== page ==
IPA is seldom used for degreasing in industry. It has a very low kauri butanol (KB) value in comparison to aliphatic, aromatic, ketone, ester, chlorinated, and flourinated solvents. I can email a chart of KB values if you wish.
It is used in many record cleaning solutions as a drying agent not a detergent. The surfactant (Surface Active Agent) serves that purpose.
Good luck to you however.
Audiofeil - Let's stay focused on the original statements. My initial response had to do with removing skin oils (fingerprints) from hard surfaces. I work in the chemical industry and have for over 25 years. I'm aware of the difference between an organic solvent and a surface active agent. Google IPA uses. Degreasing is listed along with the other purposes I mentioned. Are there better hydrocarbon solvents? Yup - but IPA has a relatively benign profile compared to things like hexane or dimethylformamide. It gets grease splatter off our glass top cook range, fingerprints off my eyeglasses etc. As a microscopist, alcohol was regularly used to clean immersion oil off lenses. In any case, we can agree to disagree. Use what works for you. [by the way, - what do you like?]and enjoy the music! Peace.
Thought I'd update this thread. I bought the Audio Intelligent three step system with the Archivist as the 2nd step. I also purchased three brushes and three vacuum nozzles for my VPI to keep from cross-contaminating.
So to experiment, I decided to go to work on the worst looking LP in my collection. A US Harvest pressing of Dark Side of the moon that looks like it's been abused to hell and back. Following AI's instructions to the letter, I can honestly say I'm impressed. The level of noise in the groove was reduced to an occasional click and pop (remembering this is a well played and abused 35yr old LP).
I thank everyone for suggestions and think I have found the solutions that works for me. Oh yeah, and it does a great job on fingerprints too.
Samuellaudio: My best answer is conditional; should the CD be smeared with greasy fingerprints most likely , should the CD have non-organic smears most likely from breath vapors to very mild cleaners will do.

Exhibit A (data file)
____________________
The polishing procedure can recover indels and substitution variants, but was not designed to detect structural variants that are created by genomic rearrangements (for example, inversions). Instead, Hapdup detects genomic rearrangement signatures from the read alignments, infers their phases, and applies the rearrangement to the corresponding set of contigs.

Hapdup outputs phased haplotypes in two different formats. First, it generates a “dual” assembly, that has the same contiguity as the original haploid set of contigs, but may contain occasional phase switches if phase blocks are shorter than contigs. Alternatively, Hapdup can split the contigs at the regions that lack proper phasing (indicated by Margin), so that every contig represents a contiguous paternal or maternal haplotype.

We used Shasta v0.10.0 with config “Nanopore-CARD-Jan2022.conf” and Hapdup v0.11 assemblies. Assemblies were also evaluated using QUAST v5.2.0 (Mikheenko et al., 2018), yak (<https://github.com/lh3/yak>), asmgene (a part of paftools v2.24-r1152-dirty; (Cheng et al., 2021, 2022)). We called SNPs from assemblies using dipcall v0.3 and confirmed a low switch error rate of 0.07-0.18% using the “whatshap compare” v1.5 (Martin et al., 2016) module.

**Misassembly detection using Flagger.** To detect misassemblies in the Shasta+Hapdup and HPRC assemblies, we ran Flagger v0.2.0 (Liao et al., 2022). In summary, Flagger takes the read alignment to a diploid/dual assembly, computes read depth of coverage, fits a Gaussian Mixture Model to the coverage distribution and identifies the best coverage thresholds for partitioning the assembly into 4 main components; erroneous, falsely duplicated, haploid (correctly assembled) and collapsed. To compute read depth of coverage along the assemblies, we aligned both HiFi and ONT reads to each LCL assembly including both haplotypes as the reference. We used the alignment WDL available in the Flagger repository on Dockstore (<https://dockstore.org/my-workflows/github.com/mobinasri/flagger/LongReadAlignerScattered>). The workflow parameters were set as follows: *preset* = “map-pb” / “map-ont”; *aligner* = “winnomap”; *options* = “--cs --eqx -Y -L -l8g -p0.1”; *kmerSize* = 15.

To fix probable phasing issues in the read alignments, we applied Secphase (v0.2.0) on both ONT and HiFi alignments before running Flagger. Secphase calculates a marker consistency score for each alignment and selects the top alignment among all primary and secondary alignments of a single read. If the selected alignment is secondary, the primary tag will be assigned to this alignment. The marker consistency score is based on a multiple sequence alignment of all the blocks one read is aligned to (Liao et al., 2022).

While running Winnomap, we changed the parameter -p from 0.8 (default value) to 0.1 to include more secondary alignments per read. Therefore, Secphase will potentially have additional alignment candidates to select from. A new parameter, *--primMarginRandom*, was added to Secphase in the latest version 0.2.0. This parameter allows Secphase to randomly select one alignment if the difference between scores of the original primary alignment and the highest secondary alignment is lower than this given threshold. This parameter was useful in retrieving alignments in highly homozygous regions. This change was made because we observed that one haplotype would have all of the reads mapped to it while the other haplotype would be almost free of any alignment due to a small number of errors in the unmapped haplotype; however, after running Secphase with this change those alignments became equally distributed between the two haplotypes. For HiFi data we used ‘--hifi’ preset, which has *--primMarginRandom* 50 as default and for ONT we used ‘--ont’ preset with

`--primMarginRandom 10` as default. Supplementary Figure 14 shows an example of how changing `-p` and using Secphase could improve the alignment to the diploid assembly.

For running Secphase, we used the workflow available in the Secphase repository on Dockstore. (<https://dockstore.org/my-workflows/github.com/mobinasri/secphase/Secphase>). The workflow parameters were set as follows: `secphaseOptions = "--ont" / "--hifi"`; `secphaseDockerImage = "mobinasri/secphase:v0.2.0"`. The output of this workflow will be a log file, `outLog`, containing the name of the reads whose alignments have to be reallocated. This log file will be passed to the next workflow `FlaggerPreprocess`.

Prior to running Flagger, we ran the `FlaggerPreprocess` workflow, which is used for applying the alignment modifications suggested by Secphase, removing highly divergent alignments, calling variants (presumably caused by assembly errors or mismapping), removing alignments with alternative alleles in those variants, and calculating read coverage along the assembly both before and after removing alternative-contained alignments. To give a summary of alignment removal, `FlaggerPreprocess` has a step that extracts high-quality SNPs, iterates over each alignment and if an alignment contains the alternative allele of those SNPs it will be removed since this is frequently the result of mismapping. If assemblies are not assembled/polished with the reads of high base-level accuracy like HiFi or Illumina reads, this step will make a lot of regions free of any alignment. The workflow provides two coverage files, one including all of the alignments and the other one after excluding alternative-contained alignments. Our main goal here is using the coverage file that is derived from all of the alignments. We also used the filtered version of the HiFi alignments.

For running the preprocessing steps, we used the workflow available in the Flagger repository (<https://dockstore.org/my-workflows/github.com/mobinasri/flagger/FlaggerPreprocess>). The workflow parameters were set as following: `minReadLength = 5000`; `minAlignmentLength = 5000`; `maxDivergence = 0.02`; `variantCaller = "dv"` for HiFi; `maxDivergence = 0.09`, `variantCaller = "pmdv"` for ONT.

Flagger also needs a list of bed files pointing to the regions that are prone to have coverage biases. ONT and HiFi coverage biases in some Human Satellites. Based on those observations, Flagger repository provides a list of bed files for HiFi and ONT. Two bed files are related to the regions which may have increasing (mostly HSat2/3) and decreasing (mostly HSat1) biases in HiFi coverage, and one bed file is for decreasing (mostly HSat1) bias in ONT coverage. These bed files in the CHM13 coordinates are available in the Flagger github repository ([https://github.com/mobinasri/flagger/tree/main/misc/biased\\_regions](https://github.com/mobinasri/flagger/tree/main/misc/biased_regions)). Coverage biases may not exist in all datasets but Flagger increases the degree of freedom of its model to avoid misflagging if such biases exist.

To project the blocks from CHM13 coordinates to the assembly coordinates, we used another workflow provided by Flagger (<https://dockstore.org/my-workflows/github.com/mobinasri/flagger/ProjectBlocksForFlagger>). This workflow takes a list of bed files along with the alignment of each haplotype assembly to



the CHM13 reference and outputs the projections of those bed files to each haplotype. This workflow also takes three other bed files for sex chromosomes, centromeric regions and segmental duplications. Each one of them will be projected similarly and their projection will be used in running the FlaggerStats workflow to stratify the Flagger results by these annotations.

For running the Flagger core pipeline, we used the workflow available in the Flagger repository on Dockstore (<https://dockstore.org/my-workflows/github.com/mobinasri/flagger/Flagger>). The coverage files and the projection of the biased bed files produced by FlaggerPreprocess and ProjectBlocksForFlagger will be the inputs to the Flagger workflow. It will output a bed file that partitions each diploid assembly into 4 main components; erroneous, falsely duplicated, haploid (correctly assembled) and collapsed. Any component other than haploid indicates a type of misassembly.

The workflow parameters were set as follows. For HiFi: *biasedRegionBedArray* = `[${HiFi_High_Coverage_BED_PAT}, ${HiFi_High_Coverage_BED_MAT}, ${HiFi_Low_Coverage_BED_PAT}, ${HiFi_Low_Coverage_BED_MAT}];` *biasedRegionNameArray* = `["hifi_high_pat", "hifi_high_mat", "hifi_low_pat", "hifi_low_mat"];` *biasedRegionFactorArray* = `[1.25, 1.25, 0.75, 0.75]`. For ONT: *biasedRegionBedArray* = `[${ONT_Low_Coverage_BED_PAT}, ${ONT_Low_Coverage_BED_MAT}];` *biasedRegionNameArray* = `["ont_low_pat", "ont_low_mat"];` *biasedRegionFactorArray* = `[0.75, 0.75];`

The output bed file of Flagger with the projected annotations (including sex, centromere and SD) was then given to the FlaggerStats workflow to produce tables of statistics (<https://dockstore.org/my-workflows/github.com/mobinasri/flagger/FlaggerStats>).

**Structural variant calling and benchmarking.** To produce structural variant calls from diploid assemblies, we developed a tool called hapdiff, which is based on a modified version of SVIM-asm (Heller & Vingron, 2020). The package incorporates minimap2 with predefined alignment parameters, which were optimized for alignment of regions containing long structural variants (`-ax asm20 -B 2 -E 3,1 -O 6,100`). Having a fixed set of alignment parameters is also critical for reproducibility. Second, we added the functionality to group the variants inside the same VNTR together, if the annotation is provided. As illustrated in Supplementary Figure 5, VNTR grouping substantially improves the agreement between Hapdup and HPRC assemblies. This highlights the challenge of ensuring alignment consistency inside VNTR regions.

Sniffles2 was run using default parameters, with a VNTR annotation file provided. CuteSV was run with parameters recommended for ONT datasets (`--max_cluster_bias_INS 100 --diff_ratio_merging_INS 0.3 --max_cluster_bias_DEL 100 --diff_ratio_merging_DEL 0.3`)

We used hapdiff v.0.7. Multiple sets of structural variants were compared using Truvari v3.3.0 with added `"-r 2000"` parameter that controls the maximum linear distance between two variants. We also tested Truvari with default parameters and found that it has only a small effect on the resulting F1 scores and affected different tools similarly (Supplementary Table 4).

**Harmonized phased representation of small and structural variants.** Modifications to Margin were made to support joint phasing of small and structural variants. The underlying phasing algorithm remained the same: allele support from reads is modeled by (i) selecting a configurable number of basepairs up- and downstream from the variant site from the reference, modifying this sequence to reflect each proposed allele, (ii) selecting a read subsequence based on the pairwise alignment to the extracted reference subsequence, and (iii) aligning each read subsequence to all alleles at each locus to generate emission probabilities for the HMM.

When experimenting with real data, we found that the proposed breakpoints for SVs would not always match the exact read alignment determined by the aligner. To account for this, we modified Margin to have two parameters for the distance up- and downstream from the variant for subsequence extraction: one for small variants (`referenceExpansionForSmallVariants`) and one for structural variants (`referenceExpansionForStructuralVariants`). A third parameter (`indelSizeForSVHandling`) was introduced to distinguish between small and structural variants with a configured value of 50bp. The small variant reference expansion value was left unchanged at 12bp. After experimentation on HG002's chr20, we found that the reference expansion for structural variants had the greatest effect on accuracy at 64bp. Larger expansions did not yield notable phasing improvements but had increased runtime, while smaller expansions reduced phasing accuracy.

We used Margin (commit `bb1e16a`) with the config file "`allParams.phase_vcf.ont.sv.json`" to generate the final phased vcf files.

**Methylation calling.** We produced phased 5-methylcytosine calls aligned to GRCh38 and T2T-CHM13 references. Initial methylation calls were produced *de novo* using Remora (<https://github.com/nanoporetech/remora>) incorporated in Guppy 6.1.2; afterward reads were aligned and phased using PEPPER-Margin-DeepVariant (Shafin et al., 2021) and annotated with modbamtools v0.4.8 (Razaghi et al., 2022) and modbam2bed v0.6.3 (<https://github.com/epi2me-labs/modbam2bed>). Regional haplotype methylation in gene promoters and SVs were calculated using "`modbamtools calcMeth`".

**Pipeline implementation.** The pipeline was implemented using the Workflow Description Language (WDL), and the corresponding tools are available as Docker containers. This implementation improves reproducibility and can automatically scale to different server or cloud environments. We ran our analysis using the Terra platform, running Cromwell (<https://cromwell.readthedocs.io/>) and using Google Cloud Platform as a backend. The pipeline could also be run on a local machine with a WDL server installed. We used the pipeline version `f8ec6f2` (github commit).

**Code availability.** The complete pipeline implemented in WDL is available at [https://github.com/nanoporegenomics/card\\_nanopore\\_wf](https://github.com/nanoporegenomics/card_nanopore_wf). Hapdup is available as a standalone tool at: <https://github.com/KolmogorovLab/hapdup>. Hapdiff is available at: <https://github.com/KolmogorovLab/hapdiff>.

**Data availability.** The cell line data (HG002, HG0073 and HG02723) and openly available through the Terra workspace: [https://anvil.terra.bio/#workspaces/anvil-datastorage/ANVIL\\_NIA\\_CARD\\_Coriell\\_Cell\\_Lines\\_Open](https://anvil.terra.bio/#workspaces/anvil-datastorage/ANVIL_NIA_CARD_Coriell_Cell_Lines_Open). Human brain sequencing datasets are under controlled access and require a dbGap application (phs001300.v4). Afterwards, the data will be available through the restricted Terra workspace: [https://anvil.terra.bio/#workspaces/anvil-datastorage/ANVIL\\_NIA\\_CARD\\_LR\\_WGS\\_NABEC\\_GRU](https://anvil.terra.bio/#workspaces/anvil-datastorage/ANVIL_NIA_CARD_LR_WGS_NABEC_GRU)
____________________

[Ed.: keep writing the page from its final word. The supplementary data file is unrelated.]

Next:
LPs are side walled deep gorged affairs that can trap all sorts of junk, CDs flat and shiney ,no gorges here only surface junk.
Personally, I steam clean LPs and rarely CDs ;I find steam superior to the exclusive use of chemicals & RCM's. I have the RCM's , cleaners and steamers so I use them all very sucessfully to cleanse my record/CD collections.
I am taking this thread to acknowledge experiments with patient pending active micros created specifically to devower organic materals on non-organic surfaces including vinyl. The initial results are mind-blowing in terms of surface cleansing.The listening experience is so different on LPs and marketly improved for CDs. As far as I can tell from years of experimentation , no cleaner on the world-wide market does a better job. The product continues in the experimental phase and is not yet available/ released to the public.
Ok,you all are going to think I am nuts but here's how I clean my records. I learned this by cleaning fingerprints off of my telescope mirrors which have silver coatings a few microns thick. I don't use a brush on my mirrors but soft cotton pads instead.
I put 2 drops of a non scented detergent in a quart of distilled water, pour the solution over the LP and scrub with a cleaning brush (use any of your choice). Then I rinse it off in a hot water shower, rinse again with distilled water and air dry in a dish rack.
The LPs look like new and the fingerprints are gone